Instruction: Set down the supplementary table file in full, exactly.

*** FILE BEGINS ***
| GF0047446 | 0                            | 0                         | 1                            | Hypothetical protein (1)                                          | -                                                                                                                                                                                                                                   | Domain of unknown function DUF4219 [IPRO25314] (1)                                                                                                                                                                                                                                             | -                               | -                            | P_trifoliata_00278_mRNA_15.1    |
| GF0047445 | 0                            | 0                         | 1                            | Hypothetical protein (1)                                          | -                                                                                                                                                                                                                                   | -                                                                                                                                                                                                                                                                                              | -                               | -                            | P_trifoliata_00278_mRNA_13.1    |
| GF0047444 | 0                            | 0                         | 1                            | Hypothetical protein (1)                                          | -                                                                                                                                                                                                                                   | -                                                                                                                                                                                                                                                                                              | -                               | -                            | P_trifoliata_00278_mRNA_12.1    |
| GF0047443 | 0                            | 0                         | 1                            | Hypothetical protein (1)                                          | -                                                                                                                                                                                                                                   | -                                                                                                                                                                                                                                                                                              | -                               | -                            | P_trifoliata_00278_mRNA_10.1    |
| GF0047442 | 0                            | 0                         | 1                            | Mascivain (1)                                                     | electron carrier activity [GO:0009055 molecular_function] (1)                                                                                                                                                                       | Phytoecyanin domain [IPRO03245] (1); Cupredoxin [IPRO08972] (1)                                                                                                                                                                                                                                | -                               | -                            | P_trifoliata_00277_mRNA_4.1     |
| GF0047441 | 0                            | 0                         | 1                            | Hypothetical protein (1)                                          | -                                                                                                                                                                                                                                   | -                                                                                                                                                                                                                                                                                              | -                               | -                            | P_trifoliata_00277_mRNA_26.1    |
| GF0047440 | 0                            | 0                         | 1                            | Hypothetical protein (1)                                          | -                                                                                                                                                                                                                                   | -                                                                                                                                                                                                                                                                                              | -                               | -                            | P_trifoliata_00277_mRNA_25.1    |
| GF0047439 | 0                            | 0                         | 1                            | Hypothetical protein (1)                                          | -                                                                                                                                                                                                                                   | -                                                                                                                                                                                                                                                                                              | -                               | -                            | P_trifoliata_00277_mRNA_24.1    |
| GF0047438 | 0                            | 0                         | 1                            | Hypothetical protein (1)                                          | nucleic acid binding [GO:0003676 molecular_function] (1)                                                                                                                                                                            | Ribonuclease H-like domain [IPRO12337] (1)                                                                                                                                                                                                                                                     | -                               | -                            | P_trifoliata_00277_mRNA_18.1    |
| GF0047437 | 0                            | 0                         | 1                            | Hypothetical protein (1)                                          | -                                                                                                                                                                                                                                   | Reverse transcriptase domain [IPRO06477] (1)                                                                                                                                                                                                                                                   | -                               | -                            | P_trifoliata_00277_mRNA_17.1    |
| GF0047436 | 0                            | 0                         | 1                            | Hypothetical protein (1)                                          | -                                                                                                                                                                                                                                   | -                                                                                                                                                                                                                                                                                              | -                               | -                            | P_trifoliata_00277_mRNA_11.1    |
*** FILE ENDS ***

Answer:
| GF0047446 | 0                            | 0                         | 1                            | Hypothetical protein (1)                                          | -                                                                                                                                                                                                                                   | Domain of unknown function DUF4219 [IPRO25314] (1)                                                                                                                                                                                                                                             | -                               | -                            | P_trifoliata_00278_mRNA_15.1    |
| GF0047445 | 0                            | 0                         | 1                            | Hypothetical protein (1)                                          | -                                                                                                                                                                                                                                   | -                                                                                                                                                                                                                                                                                              | -                               | -                            | P_trifoliata_00278_mRNA_13.1    |
| GF0047444 | 0                            | 0                         | 1                            | Hypothetical protein (1)                                          | -                                                                                                                                                                                                                                   | -                                                                                                                                                                                                                                                                                              | -                               | -                            | P_trifoliata_00278_mRNA_12.1    |
| GF0047443 | 0                            | 0                         | 1                            | Hypothetical protein (1)                                          | -                                                                                                                                                                                                                                   | -                                                                                                                                                                                                                                                                                              | -                               | -                            | P_trifoliata_00278_mRNA_10.1    |
| GF0047442 | 0                            | 0                         | 1                            | Mascivain (1)                                                     | electron carrier activity [GO:0009055 molecular_function] (1)                                                                                                                                                                       | Phytoecyanin domain [IPRO03245] (1); Cupredoxin [IPRO08972] (1)                                                                                                                                                                                                                                | -                               | -                            | P_trifoliata_00277_mRNA_4.1     |
| GF0047441 | 0                            | 0                         | 1                            | Hypothetical protein (1)                                          | -                                                                                                                                                                                                                                   | -                                                                                                                                                                                                                                                                                              | -                               | -                            | P_trifoliata_00277_mRNA_26.1    |
| GF0047440 | 0                            | 0                         | 1                            | Hypothetical protein (1)                                          | -                                                                                                                                                                                                                                   | -                                                                                                                                                                                                                                                                                              | -                               | -                            | P_trifoliata_00277_mRNA_25.1    |
| GF0047439 | 0                            | 0                         | 1                            | Hypothetical protein (1)                                          | -                                                                                                                                                                                                                                   | -                                                                                                                                                                                                                                                                                              | -                               | -                            | P_trifoliata_00277_mRNA_24.1    |
| GF0047438 | 0                            | 0                         | 1                            | Hypothetical protein (1)                                          | nucleic acid binding [GO:0003676 molecular_function] (1)                                                                                                                                                                            | Ribonuclease H-like domain [IPRO12337] (1)                                                                                                                                                                                                                                                     | -                               | -                            | P_trifoliata_00277_mRNA_18.1    |
| GF0047437 | 0                            | 0                         | 1                            | Hypothetical protein (1)                                          | -                                                                                                                                                                                                                                   | Reverse transcriptase domain [IPRO06477] (1)                                                                                                                                                                                                                                                   | -                               | -                            | P_trifoliata_00277_mRNA_17.1    |
| GF0047436 | 0                            | 0                         | 1                            | Hypothetical protein (1)                                          | -                                                                                                                                                                                                                                   | -                                                                                                                                                                                                                                                                                              | -                               | -                            | P_trifoliata_00277_mRNA_11.1    |